By Mildred Largaespada/ Anny Baldwin
He arrives by car, with a beautiful blonde woman beside him in the passenger seat.
He is easily recognisable: his photo has recently appeared in the Spanish press and social media: a man in an elegant crisp white guayabera shirt, pictured standing on the roof-terrace of a building in Madrid. The headlines name him with the reverence due celebrities. His words are retweeted, commented and celebrated.
His name has a substance of its own: Jon Lee Anderson. Known as one of the best journalists on the planet, he has garnered worldwide praise for his writing in the New Yorker. University schools of journalism study his dispatches from Latin-American reality: Nicaragua, Cuba, Brazil, Haiti… and also from Libya, Siria, Liberia, Iraq and Angola… he not only exercises the craft of journalism, but also teaches it, at the Gabriel García Márquez Foundation for Iberian-American Journalism. The school was set up by the Nobel laureate himself and provides training to dozens of Latin American journalists every year.
My meeting with Anderson takes place in Salobreña, near Granada, in southern Spain. The Mediterranean is just a few feet away, but we won´t be dipping into it. Instead, we’ll refresh ourselves with ice-cold Alhambra beer and eat a modestly-priced set menu. Having managed to park the car, Anderson hurries over, apologising for having arrived almost an hour late. But I don’t have it in me to grumble at someone who has courteously agreed to be interviewed in the middle of his summer holiday.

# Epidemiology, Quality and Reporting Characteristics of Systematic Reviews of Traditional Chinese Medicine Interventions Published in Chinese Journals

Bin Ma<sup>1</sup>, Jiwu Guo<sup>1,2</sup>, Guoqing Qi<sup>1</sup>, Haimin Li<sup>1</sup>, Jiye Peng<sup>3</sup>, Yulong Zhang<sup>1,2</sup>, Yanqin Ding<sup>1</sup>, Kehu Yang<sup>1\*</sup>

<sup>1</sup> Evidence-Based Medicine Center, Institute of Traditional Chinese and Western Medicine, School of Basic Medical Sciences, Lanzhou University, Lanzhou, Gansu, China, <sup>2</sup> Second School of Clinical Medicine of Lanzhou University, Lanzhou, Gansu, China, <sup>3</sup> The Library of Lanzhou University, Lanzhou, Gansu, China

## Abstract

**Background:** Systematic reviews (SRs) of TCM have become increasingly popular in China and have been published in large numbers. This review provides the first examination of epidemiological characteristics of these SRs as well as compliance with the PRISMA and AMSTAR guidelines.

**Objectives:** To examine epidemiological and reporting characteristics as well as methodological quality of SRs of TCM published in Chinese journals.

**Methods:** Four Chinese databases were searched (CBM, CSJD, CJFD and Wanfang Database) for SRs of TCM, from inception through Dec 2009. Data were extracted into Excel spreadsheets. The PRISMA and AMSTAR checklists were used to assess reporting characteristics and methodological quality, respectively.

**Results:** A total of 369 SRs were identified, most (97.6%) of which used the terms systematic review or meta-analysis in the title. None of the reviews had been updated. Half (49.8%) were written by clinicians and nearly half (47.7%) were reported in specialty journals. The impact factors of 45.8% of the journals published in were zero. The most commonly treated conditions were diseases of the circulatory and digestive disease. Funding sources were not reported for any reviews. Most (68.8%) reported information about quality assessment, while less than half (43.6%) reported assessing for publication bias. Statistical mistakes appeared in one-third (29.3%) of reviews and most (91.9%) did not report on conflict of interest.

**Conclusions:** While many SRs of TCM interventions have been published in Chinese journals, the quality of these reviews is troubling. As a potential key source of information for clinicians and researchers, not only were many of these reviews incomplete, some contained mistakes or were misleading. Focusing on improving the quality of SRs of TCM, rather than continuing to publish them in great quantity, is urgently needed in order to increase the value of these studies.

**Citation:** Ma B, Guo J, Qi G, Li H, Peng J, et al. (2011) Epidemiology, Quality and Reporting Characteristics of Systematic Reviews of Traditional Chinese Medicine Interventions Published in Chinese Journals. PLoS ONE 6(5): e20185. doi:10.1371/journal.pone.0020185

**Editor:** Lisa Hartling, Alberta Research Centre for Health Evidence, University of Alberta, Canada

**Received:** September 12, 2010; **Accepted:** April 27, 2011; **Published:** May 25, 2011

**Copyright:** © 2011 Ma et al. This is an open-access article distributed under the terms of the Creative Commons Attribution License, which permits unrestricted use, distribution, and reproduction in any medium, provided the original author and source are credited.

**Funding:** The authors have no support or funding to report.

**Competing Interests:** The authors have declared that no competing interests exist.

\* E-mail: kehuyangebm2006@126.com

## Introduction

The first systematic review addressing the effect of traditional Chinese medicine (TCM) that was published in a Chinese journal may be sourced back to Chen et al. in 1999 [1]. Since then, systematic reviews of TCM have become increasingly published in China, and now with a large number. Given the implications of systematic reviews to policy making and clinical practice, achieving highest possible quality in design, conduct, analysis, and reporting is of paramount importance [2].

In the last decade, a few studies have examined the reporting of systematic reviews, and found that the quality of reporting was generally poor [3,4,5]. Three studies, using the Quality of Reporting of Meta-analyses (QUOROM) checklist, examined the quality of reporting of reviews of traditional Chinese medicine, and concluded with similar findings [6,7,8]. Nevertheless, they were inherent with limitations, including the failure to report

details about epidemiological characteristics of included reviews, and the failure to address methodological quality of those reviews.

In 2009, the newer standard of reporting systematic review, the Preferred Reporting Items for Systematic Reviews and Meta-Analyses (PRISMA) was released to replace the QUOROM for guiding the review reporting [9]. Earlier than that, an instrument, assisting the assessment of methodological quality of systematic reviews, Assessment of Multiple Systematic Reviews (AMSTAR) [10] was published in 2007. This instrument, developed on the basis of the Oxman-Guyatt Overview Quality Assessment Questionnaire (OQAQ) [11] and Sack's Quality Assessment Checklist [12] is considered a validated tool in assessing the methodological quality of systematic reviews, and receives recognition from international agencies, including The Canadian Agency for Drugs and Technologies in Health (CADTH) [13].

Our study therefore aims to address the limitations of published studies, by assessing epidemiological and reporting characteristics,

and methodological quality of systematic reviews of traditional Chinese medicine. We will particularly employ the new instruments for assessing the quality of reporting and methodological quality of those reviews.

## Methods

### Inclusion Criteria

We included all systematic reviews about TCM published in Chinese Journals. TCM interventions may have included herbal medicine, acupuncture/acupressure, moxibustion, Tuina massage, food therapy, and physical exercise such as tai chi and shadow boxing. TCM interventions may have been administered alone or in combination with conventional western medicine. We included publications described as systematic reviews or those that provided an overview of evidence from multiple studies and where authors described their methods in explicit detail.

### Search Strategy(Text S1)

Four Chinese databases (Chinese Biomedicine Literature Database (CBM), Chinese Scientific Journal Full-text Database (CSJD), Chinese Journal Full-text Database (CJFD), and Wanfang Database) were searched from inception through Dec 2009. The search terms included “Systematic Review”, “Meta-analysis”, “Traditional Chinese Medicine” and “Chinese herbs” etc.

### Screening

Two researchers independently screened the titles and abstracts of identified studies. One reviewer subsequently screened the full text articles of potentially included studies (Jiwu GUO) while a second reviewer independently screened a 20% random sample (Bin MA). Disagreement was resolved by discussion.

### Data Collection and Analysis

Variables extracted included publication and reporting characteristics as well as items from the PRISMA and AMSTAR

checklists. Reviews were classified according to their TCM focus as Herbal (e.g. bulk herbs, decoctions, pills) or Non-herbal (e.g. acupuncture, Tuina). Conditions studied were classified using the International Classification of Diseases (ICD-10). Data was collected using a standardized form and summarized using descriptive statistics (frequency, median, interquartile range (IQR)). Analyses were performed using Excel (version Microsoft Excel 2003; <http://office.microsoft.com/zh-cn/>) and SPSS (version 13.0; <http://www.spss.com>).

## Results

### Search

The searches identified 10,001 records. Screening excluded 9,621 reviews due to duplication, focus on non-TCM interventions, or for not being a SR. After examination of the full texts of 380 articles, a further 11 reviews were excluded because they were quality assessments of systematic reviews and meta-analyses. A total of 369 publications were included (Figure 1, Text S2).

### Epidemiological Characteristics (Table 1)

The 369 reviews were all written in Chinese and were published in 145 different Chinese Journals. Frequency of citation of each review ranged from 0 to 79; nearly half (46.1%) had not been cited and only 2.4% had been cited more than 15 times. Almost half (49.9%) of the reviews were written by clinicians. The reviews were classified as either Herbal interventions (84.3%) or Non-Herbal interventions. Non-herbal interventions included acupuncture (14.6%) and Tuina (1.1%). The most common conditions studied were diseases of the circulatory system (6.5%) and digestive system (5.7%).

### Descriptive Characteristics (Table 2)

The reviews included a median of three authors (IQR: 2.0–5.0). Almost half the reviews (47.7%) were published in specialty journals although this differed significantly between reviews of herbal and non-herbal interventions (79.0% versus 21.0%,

He’s wearing the sort of t-shirt generally favoured by true rock stars at their hot-weather gigs: short sleeved, grey, or a washed-out shade of blue, easy-fit. And loose-cut jeans. Summer flip-flops on his feet. Altogether essential clothing for riding out another of Spain’s July heatwaves.
He has that aura of sex appeal exuded by certain members of the male species: tousled and unshaven, broad-shouldered, with strong forearms and expressive, animated conversation. He is attractive in photos and in person, his conversation is relaxed and his behaviour affable. It immediately becomes easy to understand how he has gained his fame as an interviewer: he is instantly approachable, or seems to be.
Anderson was born in 1957 in California.
— Where do you feel you are from?
— I recognise that I am American. I don’t feel the same way about it as others do. I can’t give a simple answer. I am American, my passport says so, my parents were, my accent is from there, I don’t have an English accent. But I didn’t grow up there and there are a lot of cultural values that I don’t share, because I’ve spent most of my life in other cultures. So I’m North American, with those extenuating features.
Anderson’s mother tongue is English, although he speaks with me in perfect Spanish, with the c’s and z’s correctly pronounced, in an accent that is mostly Argentinian but veers into Cuban at moments of forceful expression. At one point during his childhood he spoke Chinese, and as a teenager he learnt a smattering of the Liberian Kpelle dialect.
Growing up like Jon Lee